locally cached copy without ever checking for updates on the server,
significantly improving rendering performance.
In production, you probably want to serve static files from a more
optimized static file server like `nginx <>`_. You can
configure most any web server to support these caching semantics. Here
is the nginx configuration we use at FriendFeed:
location /static/ {
root /var/friendfeed/static;
if ($query_string) {
expires max;
The locale of the current user (whether they are logged in or not) is
always available as ``self.locale`` in the request handler and as
``locale`` in templates. The name of the locale (e.g., ``en_US``) is
available as ````, and you can translate strings with the
``locale.translate`` method. Templates also have the global function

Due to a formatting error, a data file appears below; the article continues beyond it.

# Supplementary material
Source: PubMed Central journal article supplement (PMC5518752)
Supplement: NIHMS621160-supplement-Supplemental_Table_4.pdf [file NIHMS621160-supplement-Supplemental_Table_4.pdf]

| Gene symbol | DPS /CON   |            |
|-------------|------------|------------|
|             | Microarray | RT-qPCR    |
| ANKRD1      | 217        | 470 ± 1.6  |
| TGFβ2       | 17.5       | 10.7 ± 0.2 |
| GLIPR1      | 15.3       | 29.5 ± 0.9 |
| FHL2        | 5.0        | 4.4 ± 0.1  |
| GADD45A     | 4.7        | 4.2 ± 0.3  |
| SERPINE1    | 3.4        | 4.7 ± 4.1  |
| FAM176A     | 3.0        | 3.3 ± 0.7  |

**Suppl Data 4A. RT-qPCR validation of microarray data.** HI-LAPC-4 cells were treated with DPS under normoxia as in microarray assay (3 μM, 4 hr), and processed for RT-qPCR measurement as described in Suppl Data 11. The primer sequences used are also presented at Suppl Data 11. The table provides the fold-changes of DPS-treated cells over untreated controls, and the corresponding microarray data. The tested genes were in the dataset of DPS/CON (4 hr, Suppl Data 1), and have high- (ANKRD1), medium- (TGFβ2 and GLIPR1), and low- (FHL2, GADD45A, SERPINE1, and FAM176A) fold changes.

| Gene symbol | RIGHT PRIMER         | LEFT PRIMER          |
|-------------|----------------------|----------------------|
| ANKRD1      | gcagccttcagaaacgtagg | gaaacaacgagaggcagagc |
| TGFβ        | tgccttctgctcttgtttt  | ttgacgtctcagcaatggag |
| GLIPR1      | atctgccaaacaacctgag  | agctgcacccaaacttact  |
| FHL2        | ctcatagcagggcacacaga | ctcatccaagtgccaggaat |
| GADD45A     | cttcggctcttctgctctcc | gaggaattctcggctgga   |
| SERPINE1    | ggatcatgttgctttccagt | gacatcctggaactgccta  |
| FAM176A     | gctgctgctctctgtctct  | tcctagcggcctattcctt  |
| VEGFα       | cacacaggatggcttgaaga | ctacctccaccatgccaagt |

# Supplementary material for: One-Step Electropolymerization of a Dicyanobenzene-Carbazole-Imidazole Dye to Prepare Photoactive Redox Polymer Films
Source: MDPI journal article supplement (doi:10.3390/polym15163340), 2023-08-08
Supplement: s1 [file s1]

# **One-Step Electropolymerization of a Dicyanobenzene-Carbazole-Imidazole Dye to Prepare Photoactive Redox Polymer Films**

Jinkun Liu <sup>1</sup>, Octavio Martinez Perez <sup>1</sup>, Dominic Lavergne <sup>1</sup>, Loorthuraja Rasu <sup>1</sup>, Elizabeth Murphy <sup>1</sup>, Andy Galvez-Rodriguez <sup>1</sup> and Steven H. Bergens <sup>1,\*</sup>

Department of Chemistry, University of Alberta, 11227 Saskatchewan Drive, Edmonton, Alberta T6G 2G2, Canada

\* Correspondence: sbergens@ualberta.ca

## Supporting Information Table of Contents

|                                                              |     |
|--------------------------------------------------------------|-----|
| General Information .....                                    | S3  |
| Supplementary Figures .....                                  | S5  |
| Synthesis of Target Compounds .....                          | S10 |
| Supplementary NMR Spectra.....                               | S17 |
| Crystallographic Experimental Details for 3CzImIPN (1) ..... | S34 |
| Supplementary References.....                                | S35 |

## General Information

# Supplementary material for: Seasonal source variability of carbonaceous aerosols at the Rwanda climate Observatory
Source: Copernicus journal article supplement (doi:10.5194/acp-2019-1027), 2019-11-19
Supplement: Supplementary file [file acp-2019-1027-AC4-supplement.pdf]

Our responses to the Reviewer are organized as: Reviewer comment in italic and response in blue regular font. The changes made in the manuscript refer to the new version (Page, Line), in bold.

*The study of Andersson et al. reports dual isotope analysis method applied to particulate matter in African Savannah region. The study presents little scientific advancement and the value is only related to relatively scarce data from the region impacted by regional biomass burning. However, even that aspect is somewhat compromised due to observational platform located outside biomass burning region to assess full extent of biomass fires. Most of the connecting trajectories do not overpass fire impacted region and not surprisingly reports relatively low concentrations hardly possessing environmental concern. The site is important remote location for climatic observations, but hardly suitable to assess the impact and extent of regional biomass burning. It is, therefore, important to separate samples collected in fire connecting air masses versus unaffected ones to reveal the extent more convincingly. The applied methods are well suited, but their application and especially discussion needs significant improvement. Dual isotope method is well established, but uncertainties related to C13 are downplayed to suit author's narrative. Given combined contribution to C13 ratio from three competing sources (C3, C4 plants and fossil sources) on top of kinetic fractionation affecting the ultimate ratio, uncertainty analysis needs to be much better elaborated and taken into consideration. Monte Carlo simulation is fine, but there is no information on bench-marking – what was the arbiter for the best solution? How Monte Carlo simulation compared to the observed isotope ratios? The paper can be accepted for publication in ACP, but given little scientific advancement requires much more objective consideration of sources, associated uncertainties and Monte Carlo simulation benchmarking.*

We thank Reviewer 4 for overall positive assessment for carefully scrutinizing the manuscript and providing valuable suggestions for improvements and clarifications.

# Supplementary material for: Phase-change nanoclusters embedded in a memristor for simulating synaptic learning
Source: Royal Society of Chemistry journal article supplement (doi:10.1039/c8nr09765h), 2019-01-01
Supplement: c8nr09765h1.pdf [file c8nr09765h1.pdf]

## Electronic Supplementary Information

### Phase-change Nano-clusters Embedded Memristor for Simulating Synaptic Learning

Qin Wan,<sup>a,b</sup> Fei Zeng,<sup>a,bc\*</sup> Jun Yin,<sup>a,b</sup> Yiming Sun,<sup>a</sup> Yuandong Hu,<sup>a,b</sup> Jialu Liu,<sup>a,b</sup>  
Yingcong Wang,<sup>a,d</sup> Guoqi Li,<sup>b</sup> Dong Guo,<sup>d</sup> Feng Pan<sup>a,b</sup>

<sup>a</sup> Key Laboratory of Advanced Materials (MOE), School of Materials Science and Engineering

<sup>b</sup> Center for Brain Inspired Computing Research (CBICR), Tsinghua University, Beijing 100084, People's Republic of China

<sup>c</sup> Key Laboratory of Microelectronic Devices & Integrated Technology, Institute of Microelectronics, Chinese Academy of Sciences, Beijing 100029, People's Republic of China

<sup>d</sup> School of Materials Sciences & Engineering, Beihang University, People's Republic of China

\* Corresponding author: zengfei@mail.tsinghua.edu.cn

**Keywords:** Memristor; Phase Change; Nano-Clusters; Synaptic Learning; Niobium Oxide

call ``_()`` available for string translation. The translate function
has two forms:
_("Translate this string")
which translates the string directly based on the current locale, and
_("A person liked this", "%(num)d people liked this",
len(people)) % {"num": len(people)}
which translates a string that can be singular or plural based on the
value of the third argument. In the example above, a translation of the
first string will be returned if ``len(people)`` is ``1``, or a
translation of the second string will be returned otherwise.
The most common pattern for translations is to use Python named
placeholders for variables (the ``%(num)d`` in the example above) since
placeholders can move around on translation.
Here is a properly localized template:
<title>FriendFeed - {{ _("Sign in") }}</title>
<form action="{{ request.path }}" method="post">
<div>{{ _("Username") }} <input type="text" name="username"/></div>
<div>{{ _("Password") }} <input type="password" name="password"/></div>